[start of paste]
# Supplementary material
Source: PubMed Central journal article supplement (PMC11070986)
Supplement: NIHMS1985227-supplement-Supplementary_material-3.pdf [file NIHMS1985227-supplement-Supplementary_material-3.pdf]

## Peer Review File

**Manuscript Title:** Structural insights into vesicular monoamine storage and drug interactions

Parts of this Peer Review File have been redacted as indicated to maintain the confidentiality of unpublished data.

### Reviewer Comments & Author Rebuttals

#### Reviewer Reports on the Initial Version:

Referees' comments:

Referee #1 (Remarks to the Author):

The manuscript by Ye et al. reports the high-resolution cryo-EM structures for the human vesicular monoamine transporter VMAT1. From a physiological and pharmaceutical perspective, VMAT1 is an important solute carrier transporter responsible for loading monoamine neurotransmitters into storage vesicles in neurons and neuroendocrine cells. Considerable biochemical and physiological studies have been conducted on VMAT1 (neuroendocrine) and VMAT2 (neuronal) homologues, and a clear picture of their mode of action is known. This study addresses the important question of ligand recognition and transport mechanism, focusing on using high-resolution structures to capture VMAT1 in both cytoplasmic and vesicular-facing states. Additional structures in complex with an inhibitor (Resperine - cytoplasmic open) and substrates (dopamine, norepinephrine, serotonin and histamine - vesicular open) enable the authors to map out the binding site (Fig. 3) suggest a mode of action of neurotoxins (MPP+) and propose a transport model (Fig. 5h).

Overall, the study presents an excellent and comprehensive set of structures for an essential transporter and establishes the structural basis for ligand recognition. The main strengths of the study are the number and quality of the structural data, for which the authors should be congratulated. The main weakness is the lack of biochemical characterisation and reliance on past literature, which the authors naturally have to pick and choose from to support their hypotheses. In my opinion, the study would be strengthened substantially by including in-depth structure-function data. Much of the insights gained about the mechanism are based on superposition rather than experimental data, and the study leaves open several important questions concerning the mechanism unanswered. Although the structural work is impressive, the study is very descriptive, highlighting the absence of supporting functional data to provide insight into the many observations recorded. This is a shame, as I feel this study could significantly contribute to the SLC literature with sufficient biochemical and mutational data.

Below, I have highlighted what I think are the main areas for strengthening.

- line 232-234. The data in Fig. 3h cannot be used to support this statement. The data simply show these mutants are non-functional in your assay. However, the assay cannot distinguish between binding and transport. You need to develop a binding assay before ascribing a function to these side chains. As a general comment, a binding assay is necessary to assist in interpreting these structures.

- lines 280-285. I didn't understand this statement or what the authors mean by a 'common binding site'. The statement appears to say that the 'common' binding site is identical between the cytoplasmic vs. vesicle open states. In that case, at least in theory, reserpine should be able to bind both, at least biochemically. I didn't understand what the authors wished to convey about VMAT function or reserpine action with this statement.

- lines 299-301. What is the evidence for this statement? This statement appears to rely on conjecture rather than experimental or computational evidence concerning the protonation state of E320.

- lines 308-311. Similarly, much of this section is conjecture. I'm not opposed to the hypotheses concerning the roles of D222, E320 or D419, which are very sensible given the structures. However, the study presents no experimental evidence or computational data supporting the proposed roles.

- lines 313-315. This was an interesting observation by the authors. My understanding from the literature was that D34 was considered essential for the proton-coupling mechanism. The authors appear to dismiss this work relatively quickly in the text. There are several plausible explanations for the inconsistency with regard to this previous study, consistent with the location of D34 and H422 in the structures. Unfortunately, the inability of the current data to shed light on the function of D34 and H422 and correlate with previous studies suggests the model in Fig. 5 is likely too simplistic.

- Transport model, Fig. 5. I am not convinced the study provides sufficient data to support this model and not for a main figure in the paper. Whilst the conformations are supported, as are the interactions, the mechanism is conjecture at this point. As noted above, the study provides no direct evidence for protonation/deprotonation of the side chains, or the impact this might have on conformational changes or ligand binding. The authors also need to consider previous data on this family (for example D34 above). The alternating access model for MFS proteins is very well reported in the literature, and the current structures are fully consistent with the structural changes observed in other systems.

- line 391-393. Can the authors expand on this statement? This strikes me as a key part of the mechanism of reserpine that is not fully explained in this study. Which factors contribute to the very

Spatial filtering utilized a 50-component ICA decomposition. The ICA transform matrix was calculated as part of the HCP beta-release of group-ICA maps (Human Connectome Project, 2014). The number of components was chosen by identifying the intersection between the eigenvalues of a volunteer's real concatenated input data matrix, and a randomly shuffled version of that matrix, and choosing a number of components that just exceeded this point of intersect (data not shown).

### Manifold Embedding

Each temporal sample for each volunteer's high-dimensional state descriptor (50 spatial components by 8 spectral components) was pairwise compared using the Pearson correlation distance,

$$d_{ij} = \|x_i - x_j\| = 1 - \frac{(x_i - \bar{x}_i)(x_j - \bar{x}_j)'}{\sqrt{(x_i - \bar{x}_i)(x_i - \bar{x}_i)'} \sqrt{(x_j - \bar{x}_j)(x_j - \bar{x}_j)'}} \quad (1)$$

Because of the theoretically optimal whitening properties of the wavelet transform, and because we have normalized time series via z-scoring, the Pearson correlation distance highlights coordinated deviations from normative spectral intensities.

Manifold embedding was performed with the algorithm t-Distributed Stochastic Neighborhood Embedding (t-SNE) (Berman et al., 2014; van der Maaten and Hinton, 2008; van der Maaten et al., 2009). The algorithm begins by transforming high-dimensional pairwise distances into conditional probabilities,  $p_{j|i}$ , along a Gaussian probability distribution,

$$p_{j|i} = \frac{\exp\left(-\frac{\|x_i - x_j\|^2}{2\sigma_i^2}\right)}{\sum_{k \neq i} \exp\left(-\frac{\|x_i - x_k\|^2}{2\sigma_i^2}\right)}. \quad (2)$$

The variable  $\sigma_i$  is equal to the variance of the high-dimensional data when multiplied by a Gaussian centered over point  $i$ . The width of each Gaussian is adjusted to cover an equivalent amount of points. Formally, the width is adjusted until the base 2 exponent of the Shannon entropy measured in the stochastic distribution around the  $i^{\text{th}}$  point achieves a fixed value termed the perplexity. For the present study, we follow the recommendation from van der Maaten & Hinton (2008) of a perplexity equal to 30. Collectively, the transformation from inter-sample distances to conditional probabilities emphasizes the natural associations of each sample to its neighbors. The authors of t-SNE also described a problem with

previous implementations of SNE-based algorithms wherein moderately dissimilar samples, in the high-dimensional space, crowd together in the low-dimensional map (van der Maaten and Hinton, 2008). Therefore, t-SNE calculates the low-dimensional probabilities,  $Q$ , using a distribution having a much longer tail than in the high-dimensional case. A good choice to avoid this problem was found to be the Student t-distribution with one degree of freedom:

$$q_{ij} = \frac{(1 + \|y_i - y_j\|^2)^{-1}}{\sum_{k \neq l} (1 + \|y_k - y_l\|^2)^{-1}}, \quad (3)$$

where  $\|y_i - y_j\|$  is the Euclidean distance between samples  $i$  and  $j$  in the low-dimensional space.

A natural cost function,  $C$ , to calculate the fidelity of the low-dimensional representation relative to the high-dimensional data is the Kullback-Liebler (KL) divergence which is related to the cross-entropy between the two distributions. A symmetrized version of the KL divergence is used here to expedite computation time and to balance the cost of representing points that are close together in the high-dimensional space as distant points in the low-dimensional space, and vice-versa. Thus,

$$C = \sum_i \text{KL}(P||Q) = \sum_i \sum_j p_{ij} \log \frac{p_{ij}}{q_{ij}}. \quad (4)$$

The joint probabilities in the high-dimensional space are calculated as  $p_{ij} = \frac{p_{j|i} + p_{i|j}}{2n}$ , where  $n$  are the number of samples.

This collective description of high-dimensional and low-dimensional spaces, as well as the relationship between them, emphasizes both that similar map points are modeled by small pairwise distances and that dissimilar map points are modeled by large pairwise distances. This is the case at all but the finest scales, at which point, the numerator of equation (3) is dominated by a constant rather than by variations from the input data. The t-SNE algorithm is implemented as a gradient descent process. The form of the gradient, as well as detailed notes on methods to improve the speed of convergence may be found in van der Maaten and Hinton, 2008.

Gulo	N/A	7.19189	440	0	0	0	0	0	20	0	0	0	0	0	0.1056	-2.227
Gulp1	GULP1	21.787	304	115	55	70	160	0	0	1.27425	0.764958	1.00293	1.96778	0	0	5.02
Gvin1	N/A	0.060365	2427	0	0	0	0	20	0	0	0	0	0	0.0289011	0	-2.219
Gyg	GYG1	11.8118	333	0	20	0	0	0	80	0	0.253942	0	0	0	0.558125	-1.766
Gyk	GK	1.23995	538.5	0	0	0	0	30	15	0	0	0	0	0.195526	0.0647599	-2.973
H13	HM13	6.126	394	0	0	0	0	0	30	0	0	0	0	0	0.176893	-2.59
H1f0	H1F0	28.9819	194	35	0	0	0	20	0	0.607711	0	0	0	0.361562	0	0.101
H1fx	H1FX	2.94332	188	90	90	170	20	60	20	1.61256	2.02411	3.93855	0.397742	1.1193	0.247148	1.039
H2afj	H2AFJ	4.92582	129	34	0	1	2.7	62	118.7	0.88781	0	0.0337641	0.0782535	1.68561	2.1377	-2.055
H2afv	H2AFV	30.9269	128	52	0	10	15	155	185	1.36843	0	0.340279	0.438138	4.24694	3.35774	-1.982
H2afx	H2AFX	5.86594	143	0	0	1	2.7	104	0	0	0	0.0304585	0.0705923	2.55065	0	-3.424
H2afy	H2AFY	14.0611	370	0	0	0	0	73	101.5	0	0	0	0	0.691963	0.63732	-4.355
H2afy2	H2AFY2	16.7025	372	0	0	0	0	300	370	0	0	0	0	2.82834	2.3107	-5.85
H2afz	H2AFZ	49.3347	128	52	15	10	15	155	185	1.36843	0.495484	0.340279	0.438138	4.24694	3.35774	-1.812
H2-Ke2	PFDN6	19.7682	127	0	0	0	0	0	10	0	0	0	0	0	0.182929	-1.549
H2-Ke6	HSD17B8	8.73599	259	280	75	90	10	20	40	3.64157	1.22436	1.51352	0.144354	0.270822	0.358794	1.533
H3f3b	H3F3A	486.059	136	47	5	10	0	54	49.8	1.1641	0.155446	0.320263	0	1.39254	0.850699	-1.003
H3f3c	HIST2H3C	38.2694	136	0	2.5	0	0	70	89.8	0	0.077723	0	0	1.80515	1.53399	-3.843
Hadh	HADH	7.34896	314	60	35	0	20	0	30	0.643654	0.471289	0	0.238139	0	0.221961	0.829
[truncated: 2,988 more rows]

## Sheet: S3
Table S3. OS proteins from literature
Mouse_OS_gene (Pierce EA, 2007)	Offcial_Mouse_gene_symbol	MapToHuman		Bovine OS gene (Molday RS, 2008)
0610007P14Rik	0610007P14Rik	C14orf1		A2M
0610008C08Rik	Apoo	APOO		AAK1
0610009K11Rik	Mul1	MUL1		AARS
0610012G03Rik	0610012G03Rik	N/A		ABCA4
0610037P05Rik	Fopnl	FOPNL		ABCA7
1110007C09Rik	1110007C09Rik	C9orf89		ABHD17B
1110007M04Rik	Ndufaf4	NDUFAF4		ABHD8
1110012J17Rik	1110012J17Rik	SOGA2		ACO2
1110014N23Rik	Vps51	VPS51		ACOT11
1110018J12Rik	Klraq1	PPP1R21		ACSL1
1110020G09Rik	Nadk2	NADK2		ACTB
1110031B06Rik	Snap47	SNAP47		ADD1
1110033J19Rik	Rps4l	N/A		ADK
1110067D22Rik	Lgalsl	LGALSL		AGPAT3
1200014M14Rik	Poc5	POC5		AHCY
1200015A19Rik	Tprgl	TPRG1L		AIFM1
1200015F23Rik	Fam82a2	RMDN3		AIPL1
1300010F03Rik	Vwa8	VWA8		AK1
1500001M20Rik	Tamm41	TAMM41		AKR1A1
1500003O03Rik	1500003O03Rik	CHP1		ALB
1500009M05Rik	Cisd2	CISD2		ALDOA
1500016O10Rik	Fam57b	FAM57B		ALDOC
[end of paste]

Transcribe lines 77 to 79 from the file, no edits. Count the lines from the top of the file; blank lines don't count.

1500001M20Rik	Tamm41	TAMM41		AKR1A1
1500003O03Rik	1500003O03Rik	CHP1		ALB
1500009M05Rik	Cisd2	CISD2		ALDOA